4. To confirm that you allow these actions and to begin using TalkBack, touch OK.

Talkback gestures:

  • Move to first item on screen = Up then down
  • Move to last item on screen = Down then up
  • Open local context menu = Up then right
  • Open global context menu = Down then right
  • Home button = Up then left
  • Back button = Down then left
  • Recent apps = Left then up
  • Scroll to next screen = Two-finger swipe left or up
  • (li>Scroll to previous screen = Two-finger swipe right or down

Click this link for more information & to download – online support

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Android mobile – Magnification

Magnification android logo

Magnification :Magnification gestures is an Accessibility Service for Android which allows visually impaired users to zoom in and pan the whole screen to get a closer look at screen content.  Users can triple-tap the screen to enter full-screen magnification and still interact with their device while zoomed in.

To enable or disable magnification gestures, follow these steps:

  1. Go to Settings > Accessibility > Magnification gestures.
  2. Set the switch to the on or off position.

When magnification gestures are enabled, you can magnify, pan, and zoom in the following ways:

  • Zoom in or out by triple-tapping the screen. Then, while zoomed in, you can:
    • Drag two or more fingers to pan across the screen.
    • Pinch two or more fingers together or spread them apart to adjust the zoom level.
    • Note: If you enter or exit an app when zoomed in, you automatically zoom out. Simply triple-tap to zoom in again.
  • Temporarily magnify what’s under your finger by triple-tapping and holding. In this magnified state, you can:
    • Drag your finger to explore different parts of the screen.
    • Lift your finger to return to your previous state.
    • Note: Triple-tap for magnification works everywhere except the keyboard and navigation bar.

Click this link for more information & to download – online support

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VO Starter

VO starter logo

VO Starter is the first app to offer blind and visually impaired iOS users training on the built in screen reader, VoiceOver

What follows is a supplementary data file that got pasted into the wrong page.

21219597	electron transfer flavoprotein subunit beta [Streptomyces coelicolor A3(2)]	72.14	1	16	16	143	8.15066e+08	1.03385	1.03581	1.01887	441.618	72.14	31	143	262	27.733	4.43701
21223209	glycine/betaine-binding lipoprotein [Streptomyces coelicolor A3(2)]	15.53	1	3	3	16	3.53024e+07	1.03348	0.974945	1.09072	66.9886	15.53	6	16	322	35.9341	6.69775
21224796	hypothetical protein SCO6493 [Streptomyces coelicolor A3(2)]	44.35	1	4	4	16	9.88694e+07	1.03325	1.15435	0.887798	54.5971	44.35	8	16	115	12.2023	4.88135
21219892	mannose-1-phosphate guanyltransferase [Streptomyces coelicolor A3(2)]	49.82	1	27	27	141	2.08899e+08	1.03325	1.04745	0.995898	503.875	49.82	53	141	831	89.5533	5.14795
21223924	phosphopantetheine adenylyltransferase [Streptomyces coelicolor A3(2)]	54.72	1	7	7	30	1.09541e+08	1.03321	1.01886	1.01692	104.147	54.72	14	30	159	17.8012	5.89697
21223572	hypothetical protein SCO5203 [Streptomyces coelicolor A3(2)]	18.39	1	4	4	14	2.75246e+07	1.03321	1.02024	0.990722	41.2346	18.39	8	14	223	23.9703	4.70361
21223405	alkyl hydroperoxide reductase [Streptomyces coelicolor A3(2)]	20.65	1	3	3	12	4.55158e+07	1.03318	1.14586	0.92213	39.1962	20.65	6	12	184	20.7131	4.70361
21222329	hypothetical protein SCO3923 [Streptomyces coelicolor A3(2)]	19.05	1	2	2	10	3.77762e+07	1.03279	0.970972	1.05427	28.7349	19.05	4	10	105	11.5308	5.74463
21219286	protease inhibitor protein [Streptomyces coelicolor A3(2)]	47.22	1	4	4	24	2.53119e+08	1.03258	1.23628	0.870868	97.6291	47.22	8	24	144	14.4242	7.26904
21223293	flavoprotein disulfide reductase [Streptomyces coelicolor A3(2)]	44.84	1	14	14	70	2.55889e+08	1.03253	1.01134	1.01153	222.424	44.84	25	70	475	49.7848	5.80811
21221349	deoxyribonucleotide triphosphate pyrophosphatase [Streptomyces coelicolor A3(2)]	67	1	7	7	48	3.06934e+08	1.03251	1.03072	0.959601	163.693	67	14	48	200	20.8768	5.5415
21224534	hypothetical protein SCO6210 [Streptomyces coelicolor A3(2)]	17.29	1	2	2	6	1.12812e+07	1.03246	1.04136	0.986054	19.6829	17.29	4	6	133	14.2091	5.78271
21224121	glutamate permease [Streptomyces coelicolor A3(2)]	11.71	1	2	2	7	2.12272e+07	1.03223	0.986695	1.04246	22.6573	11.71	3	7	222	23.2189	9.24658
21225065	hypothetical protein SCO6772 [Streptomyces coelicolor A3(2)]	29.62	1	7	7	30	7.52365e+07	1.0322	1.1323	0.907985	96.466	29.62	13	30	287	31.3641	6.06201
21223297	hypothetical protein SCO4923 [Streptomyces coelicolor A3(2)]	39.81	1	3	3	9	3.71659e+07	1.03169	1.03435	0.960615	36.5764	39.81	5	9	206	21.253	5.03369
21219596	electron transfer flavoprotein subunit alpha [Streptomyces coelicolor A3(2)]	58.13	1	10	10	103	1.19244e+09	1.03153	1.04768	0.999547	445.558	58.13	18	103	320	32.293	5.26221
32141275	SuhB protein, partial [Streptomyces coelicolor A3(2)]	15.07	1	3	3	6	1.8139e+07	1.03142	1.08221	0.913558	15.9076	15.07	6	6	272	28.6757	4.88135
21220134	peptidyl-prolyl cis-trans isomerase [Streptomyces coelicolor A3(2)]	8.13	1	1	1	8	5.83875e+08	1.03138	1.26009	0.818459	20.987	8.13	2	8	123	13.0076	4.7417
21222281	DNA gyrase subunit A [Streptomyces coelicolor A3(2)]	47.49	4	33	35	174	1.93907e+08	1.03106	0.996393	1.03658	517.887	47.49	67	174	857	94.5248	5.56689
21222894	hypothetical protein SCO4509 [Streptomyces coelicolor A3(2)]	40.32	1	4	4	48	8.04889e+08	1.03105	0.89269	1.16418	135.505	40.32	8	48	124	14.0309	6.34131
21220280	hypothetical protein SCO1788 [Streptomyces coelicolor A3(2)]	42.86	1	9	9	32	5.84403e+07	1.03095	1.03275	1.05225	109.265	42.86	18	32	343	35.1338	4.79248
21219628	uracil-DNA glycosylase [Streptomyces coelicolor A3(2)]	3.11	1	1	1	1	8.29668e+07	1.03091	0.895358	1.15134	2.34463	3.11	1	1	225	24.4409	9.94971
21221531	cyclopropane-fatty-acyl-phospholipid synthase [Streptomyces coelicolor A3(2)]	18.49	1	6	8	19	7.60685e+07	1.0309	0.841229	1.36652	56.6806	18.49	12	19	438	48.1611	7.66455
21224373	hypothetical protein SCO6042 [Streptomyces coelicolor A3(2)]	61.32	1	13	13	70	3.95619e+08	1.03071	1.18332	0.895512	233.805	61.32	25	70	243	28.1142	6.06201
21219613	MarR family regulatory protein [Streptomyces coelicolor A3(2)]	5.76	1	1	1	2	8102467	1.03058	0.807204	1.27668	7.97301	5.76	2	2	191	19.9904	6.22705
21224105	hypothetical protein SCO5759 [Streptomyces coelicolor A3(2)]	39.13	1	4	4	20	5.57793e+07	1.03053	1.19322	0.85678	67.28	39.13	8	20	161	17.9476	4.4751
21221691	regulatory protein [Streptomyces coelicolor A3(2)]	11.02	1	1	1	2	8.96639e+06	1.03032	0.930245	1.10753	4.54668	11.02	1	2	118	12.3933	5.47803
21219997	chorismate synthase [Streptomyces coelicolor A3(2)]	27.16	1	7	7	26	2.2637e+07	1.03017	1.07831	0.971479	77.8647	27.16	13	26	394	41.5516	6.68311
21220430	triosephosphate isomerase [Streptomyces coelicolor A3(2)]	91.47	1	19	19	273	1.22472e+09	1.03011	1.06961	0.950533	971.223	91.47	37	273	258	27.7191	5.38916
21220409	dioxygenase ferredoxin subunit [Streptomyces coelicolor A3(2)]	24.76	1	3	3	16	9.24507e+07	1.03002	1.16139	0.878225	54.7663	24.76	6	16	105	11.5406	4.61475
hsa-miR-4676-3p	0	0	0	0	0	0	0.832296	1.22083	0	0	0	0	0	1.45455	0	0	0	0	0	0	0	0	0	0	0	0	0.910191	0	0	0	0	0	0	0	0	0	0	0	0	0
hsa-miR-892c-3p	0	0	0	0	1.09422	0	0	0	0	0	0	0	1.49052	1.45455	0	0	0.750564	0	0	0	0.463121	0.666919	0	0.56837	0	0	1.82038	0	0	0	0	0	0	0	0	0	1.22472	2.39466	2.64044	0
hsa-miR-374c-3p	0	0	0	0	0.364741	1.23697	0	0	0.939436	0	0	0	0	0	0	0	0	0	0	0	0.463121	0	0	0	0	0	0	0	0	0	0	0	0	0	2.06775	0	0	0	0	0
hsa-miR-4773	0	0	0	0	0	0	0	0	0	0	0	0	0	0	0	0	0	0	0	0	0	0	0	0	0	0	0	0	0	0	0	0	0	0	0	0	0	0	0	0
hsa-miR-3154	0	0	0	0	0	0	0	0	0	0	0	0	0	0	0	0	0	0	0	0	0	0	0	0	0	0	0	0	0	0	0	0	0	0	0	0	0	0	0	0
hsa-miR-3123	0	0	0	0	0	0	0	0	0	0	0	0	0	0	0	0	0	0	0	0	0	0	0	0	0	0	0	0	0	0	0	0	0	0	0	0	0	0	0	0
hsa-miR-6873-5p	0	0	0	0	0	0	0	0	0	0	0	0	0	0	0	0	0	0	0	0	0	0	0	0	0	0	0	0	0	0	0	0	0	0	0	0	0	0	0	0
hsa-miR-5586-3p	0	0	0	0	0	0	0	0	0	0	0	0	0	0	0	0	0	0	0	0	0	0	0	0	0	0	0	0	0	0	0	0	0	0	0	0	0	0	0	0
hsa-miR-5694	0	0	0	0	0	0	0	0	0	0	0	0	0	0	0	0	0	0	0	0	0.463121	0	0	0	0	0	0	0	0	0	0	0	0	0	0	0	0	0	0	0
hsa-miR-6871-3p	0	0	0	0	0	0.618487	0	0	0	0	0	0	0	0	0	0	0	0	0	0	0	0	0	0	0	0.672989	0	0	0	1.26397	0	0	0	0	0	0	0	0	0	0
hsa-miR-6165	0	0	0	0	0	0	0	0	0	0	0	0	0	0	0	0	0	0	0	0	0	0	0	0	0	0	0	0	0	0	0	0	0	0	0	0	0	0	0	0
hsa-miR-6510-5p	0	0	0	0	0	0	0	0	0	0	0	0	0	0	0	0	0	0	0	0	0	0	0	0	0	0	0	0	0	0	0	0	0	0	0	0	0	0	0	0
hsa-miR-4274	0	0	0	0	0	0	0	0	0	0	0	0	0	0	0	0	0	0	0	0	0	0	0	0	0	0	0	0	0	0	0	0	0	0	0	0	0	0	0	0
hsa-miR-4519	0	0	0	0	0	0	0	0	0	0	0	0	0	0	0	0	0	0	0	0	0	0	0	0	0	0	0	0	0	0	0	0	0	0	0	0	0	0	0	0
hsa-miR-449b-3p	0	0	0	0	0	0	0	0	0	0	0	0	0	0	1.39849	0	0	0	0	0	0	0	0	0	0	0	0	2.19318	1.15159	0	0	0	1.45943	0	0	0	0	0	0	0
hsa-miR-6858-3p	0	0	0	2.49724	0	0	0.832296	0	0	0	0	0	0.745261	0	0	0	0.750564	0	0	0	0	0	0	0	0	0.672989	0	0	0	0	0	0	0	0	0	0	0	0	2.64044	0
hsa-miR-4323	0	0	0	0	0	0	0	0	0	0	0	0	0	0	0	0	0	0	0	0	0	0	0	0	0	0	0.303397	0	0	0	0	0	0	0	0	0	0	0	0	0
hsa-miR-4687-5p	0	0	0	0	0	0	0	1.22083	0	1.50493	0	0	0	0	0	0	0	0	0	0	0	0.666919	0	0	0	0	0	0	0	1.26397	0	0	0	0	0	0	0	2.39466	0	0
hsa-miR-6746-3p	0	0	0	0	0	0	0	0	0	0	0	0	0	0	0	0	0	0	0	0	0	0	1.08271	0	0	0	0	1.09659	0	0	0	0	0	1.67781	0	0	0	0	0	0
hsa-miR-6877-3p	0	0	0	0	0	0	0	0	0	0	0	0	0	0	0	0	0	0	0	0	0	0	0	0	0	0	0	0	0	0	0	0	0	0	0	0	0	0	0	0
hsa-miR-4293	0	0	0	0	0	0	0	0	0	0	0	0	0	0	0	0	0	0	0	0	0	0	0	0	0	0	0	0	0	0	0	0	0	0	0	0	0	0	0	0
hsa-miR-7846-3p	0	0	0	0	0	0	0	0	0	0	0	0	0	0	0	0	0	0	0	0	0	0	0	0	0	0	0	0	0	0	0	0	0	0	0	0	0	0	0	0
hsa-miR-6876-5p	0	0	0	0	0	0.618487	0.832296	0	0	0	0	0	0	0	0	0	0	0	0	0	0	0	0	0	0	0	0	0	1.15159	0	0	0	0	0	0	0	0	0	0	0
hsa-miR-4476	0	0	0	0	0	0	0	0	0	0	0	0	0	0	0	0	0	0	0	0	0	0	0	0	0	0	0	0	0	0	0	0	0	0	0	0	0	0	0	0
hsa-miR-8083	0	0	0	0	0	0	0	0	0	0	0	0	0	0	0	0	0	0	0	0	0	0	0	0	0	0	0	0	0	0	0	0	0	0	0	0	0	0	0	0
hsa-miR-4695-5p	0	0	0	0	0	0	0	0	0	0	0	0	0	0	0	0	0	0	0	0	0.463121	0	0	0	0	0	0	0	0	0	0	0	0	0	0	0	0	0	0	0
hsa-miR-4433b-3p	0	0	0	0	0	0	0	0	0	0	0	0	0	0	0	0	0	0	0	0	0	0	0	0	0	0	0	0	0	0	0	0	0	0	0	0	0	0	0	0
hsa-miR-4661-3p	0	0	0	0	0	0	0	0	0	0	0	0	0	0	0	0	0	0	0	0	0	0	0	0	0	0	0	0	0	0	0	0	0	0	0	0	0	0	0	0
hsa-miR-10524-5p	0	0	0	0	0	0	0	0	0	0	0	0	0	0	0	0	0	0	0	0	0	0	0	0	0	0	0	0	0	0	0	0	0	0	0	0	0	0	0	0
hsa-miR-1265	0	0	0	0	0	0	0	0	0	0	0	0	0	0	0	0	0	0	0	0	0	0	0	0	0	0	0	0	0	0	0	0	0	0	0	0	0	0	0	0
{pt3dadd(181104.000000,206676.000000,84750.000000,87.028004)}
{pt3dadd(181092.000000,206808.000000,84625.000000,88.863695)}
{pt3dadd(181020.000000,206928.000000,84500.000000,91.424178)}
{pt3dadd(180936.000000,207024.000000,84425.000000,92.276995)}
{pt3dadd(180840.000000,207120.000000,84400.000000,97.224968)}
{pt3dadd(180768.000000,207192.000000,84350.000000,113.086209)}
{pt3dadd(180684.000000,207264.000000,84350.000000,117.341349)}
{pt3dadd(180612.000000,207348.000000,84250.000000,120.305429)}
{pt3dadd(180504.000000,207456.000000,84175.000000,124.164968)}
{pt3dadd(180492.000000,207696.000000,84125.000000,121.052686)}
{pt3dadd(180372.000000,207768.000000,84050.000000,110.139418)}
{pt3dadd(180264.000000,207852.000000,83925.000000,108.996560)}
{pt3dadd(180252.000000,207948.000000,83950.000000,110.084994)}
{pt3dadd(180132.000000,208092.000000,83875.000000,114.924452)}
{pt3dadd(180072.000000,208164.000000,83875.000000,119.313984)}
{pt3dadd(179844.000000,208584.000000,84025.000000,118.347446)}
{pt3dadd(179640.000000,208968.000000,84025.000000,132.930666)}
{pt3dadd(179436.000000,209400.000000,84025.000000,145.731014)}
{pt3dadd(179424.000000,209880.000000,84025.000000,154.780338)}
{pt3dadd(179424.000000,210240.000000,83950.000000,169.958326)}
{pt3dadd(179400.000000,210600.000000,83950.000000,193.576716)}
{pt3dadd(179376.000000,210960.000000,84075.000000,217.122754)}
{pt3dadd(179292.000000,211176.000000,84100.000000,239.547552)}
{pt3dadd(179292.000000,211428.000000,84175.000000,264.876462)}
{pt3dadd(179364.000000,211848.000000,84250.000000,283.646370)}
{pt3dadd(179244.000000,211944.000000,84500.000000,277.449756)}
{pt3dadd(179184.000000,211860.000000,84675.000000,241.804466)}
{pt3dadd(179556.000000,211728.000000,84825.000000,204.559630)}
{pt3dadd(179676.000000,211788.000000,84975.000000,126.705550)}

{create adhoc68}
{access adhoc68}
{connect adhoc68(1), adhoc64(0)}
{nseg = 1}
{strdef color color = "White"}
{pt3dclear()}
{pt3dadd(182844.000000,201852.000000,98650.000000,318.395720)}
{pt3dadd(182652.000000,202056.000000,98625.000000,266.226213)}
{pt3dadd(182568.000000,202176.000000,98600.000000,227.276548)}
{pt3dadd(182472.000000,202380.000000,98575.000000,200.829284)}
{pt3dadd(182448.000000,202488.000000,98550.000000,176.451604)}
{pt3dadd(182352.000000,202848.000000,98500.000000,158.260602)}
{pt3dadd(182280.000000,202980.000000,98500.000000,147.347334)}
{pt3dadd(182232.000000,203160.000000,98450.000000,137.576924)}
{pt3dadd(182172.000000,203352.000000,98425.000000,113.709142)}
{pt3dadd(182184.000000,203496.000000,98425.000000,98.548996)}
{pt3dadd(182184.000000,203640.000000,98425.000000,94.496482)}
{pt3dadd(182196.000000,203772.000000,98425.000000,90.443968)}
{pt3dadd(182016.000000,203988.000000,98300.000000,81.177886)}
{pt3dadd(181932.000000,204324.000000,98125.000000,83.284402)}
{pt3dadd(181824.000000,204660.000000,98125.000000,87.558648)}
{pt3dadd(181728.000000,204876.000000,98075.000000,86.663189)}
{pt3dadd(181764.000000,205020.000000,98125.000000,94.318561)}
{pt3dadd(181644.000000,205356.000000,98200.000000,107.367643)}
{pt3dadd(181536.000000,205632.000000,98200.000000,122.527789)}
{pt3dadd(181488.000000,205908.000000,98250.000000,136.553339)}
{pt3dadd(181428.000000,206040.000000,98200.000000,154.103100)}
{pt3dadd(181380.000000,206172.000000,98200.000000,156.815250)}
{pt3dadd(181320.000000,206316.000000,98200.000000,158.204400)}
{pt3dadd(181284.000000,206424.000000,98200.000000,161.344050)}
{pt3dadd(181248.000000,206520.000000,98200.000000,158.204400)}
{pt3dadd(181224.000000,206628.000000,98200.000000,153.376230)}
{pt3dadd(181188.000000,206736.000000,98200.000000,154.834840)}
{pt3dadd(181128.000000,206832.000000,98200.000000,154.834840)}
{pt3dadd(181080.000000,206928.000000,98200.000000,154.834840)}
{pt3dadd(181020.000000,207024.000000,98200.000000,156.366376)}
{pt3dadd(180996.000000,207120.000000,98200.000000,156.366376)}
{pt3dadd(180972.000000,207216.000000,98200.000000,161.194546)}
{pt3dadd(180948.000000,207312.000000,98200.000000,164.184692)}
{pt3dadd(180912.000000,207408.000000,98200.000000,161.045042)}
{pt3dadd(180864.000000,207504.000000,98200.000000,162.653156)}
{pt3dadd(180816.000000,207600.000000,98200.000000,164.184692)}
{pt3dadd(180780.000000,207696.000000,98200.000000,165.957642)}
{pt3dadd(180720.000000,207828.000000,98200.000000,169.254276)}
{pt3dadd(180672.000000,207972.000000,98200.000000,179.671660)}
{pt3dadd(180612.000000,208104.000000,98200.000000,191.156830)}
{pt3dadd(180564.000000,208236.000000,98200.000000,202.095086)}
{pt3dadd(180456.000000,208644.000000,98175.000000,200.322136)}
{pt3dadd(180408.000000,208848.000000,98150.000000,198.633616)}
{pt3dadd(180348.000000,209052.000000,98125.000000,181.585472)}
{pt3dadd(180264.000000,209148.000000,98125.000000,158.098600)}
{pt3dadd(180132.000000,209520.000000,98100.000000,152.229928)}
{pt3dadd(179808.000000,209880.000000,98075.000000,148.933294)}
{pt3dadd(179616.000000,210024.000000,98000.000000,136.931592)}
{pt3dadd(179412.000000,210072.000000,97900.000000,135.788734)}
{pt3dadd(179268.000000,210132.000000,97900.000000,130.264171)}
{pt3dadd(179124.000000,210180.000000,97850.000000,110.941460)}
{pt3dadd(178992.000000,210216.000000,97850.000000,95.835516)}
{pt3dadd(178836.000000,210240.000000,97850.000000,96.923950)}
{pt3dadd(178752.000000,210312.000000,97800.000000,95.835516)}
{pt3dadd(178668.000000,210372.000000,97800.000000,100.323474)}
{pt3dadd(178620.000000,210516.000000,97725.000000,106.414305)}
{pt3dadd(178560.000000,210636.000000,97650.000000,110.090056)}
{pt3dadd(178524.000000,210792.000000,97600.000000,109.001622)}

VO starter is completely free to download and use – VO Starter



dropvox logo

Start recording. Double-tap to pause or single-tap to stop. Uploads to Dropbox automatically. It’s that simple.

DropVox is 2 euro to download and use – DropVox



Blindsquare logo

BlindSquare is the World’s Most Popular accessible GPS-app developed for the blind and visually impaired. It describes the environment, announces points of interest and street intersections as you travel.

BlindSquare is 20euro to download and use – BlindSquare



KNFB logo

KNFB Reader an excellent choice for capturing and reading documents on the go wherever you are. Designed specifically for students with visual impairment the app allows the reading of virtually any type of printed text, including mail, receipts, class handouts, memos and many other documents.

This is a paid for app, if you wish to discuss it use please contact Andrew Costello the Disability officer – Assistive Technology officer. For more info please visit the KNFB website at – or on Itunes


NCBI Bookshare Library

KNFB logo

As of December 2017, the NCBI Library has access to over 600,000 titles in alternative formats. The NCBI Library has joined Bookshare and The ABC Consortium, both international organisations and consortiums paving the way for access to international academic and leisure reading titles.

Bookshare based in the USA, offers the world’s largest collection of accessible titles. Books can be listened to in high quality text to speech. A physical Braille, or large print copy can be produced from a digital file, and texts can be read directly from an internet browser. All titles can be read on a suite of different devices including computers, tablets, smartphones and assistive technology devices. All Books that are available to the NCBI Library through Bookshare are copyright cleared and the Library would have access to approximately 340,000 accessible digital titles immediately. Bookshare in the USA is used mainly by students with sight loss and Libraries to access educational reading material.

To access the bookshare site


  • The NCBI Library needs the student to sign up to the NCBI library by requesting a application form. The application form will register the vision impaired or dyslexic student with the NCBI Bookshare Library service. A signature from the Disability Office, Librarian or medical person is needed on this form to state that this person cannot read print. Once the form is received by the NCBI Library, a log in and password is issued to the student. The NCI contact is located at –


The student can send their reading list by email to my address. We will search Bookshare and place the book(s) in the students “Reading List” in Bookshare. When the student Logs into their account, their reading list books should be available in the format of their choice ( BRF, pdf, DAISY, MP3, Word, etc…) to download.